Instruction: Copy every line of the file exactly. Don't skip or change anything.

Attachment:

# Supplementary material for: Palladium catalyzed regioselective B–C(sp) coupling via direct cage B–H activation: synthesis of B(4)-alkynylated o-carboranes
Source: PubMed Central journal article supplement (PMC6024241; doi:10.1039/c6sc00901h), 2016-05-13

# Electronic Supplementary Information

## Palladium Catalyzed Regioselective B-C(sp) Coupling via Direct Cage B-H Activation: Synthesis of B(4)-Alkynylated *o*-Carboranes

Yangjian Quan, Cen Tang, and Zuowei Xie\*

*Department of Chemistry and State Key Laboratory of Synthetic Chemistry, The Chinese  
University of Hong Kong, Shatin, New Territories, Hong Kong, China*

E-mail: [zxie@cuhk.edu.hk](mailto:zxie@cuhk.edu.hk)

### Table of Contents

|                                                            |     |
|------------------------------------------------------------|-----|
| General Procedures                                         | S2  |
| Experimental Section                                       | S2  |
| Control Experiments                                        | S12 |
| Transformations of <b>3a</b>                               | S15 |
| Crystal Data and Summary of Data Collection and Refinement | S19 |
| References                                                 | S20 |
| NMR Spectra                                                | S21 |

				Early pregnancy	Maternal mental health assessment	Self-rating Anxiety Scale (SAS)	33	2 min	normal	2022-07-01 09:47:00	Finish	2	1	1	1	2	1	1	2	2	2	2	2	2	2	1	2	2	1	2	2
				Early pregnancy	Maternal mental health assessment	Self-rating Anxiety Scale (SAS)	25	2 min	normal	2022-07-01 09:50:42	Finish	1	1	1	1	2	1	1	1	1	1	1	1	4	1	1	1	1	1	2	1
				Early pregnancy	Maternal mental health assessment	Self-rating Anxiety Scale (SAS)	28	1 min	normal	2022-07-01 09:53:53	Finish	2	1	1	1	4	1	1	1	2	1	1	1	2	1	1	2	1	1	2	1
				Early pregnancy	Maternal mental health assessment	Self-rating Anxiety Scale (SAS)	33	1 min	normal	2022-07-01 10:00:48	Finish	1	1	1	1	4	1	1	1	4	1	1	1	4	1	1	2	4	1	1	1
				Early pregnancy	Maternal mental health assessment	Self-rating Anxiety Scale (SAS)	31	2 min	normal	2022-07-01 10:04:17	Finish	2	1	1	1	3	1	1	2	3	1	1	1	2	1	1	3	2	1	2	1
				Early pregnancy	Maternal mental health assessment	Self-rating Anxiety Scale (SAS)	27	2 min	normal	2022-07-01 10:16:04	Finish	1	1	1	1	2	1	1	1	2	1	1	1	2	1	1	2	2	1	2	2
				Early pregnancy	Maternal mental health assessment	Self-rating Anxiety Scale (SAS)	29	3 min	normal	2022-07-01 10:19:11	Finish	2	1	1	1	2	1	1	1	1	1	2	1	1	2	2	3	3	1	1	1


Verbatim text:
# Supplementary material for: Palladium catalyzed regioselective B–C(sp) coupling via direct cage B–H activation: synthesis of B(4)-alkynylated o-carboranes
Source: PubMed Central journal article supplement (PMC6024241; doi:10.1039/c6sc00901h), 2016-05-13

# Electronic Supplementary Information

## Palladium Catalyzed Regioselective B-C(sp) Coupling via Direct Cage B-H Activation: Synthesis of B(4)-Alkynylated *o*-Carboranes

Yangjian Quan, Cen Tang, and Zuowei Xie\*

*Department of Chemistry and State Key Laboratory of Synthetic Chemistry, The Chinese  
University of Hong Kong, Shatin, New Territories, Hong Kong, China*

E-mail: [zxie@cuhk.edu.hk](mailto:zxie@cuhk.edu.hk)

### Table of Contents

|                                                            |     |
|------------------------------------------------------------|-----|
| General Procedures                                         | S2  |
| Experimental Section                                       | S2  |
| Control Experiments                                        | S12 |
| Transformations of <b>3a</b>                               | S15 |
| Crystal Data and Summary of Data Collection and Refinement | S19 |
| References                                                 | S20 |
| NMR Spectra                                                | S21 |

				Early pregnancy	Maternal mental health assessment	Self-rating Anxiety Scale (SAS)	33	2 min	normal	2022-07-01 09:47:00	Finish	2	1	1	1	2	1	1	2	2	2	2	2	2	2	1	2	2	1	2	2
				Early pregnancy	Maternal mental health assessment	Self-rating Anxiety Scale (SAS)	25	2 min	normal	2022-07-01 09:50:42	Finish	1	1	1	1	2	1	1	1	1	1	1	1	4	1	1	1	1	1	2	1
				Early pregnancy	Maternal mental health assessment	Self-rating Anxiety Scale (SAS)	28	1 min	normal	2022-07-01 09:53:53	Finish	2	1	1	1	4	1	1	1	2	1	1	1	2	1	1	2	1	1	2	1
				Early pregnancy	Maternal mental health assessment	Self-rating Anxiety Scale (SAS)	33	1 min	normal	2022-07-01 10:00:48	Finish	1	1	1	1	4	1	1	1	4	1	1	1	4	1	1	2	4	1	1	1
				Early pregnancy	Maternal mental health assessment	Self-rating Anxiety Scale (SAS)	31	2 min	normal	2022-07-01 10:04:17	Finish	2	1	1	1	3	1	1	2	3	1	1	1	2	1	1	3	2	1	2	1
				Early pregnancy	Maternal mental health assessment	Self-rating Anxiety Scale (SAS)	27	2 min	normal	2022-07-01 10:16:04	Finish	1	1	1	1	2	1	1	1	2	1	1	1	2	1	1	2	2	1	2	2
				Early pregnancy	Maternal mental health assessment	Self-rating Anxiety Scale (SAS)	29	3 min	normal	2022-07-01 10:19:11	Finish	2	1	1	1	2	1	1	1	1	1	2	1	1	2	2	3	3	1	1	1